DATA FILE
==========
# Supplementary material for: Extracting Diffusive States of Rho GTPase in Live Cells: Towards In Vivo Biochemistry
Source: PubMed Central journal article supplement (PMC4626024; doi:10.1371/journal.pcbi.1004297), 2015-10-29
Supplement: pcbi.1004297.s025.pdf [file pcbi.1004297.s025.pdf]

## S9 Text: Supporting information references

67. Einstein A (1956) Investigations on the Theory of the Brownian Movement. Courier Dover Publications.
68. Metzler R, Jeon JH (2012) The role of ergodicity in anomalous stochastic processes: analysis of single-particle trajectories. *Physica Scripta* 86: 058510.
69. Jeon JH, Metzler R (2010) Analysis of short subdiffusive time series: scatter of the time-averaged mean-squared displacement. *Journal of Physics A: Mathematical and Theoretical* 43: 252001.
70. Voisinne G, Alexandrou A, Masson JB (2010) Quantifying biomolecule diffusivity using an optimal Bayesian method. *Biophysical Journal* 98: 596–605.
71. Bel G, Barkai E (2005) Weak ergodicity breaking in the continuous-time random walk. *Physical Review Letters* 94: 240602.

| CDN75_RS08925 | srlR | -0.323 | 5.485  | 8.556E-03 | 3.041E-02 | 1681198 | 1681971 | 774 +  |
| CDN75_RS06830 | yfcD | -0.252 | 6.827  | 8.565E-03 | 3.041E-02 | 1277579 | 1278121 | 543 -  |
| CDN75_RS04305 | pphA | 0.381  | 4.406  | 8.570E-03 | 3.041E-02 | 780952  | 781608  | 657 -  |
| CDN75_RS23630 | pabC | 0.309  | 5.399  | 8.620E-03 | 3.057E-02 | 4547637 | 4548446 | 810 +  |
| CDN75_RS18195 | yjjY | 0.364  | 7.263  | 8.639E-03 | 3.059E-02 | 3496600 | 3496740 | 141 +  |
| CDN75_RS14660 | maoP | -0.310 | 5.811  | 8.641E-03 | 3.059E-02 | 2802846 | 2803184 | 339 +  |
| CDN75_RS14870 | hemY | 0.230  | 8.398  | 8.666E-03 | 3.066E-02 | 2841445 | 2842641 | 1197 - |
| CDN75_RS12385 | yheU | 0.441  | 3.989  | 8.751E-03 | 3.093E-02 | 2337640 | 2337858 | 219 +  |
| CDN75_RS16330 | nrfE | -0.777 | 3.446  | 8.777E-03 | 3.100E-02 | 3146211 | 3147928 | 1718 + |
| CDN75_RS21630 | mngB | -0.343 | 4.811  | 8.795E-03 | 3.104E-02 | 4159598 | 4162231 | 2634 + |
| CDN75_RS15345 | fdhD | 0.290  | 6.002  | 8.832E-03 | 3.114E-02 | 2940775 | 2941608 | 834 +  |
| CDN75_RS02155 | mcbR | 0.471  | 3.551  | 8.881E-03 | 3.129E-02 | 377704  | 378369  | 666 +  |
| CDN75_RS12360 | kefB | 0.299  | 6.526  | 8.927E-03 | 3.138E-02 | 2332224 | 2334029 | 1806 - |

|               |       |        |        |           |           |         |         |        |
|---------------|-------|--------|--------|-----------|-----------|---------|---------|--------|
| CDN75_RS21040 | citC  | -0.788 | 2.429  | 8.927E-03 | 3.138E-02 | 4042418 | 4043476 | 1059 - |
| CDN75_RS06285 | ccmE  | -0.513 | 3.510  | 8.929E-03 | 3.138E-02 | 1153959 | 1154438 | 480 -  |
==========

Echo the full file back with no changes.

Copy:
# Supplementary material for: Extracting Diffusive States of Rho GTPase in Live Cells: Towards In Vivo Biochemistry
Source: PubMed Central journal article supplement (PMC4626024; doi:10.1371/journal.pcbi.1004297), 2015-10-29
Supplement: pcbi.1004297.s025.pdf [file pcbi.1004297.s025.pdf]

## S9 Text: Supporting information references

67. Einstein A (1956) Investigations on the Theory of the Brownian Movement. Courier Dover Publications.
68. Metzler R, Jeon JH (2012) The role of ergodicity in anomalous stochastic processes: analysis of single-particle trajectories. *Physica Scripta* 86: 058510.
69. Jeon JH, Metzler R (2010) Analysis of short subdiffusive time series: scatter of the time-averaged mean-squared displacement. *Journal of Physics A: Mathematical and Theoretical* 43: 252001.
70. Voisinne G, Alexandrou A, Masson JB (2010) Quantifying biomolecule diffusivity using an optimal Bayesian method. *Biophysical Journal* 98: 596–605.
71. Bel G, Barkai E (2005) Weak ergodicity breaking in the continuous-time random walk. *Physical Review Letters* 94: 240602.

| CDN75_RS08925 | srlR | -0.323 | 5.485  | 8.556E-03 | 3.041E-02 | 1681198 | 1681971 | 774 +  |
| CDN75_RS06830 | yfcD | -0.252 | 6.827  | 8.565E-03 | 3.041E-02 | 1277579 | 1278121 | 543 -  |
| CDN75_RS04305 | pphA | 0.381  | 4.406  | 8.570E-03 | 3.041E-02 | 780952  | 781608  | 657 -  |
| CDN75_RS23630 | pabC | 0.309  | 5.399  | 8.620E-03 | 3.057E-02 | 4547637 | 4548446 | 810 +  |
| CDN75_RS18195 | yjjY | 0.364  | 7.263  | 8.639E-03 | 3.059E-02 | 3496600 | 3496740 | 141 +  |
| CDN75_RS14660 | maoP | -0.310 | 5.811  | 8.641E-03 | 3.059E-02 | 2802846 | 2803184 | 339 +  |
| CDN75_RS14870 | hemY | 0.230  | 8.398  | 8.666E-03 | 3.066E-02 | 2841445 | 2842641 | 1197 - |
| CDN75_RS12385 | yheU | 0.441  | 3.989  | 8.751E-03 | 3.093E-02 | 2337640 | 2337858 | 219 +  |
| CDN75_RS16330 | nrfE | -0.777 | 3.446  | 8.777E-03 | 3.100E-02 | 3146211 | 3147928 | 1718 + |
| CDN75_RS21630 | mngB | -0.343 | 4.811  | 8.795E-03 | 3.104E-02 | 4159598 | 4162231 | 2634 + |
| CDN75_RS15345 | fdhD | 0.290  | 6.002  | 8.832E-03 | 3.114E-02 | 2940775 | 2941608 | 834 +  |
| CDN75_RS02155 | mcbR | 0.471  | 3.551  | 8.881E-03 | 3.129E-02 | 377704  | 378369  | 666 +  |
| CDN75_RS12360 | kefB | 0.299  | 6.526  | 8.927E-03 | 3.138E-02 | 2332224 | 2334029 | 1806 - |

|               |       |        |        |           |           |         |         |        |
|---------------|-------|--------|--------|-----------|-----------|---------|---------|--------|
| CDN75_RS21040 | citC  | -0.788 | 2.429  | 8.927E-03 | 3.138E-02 | 4042418 | 4043476 | 1059 - |
| CDN75_RS06285 | ccmE  | -0.513 | 3.510  | 8.929E-03 | 3.138E-02 | 1153959 | 1154438 | 480 -  |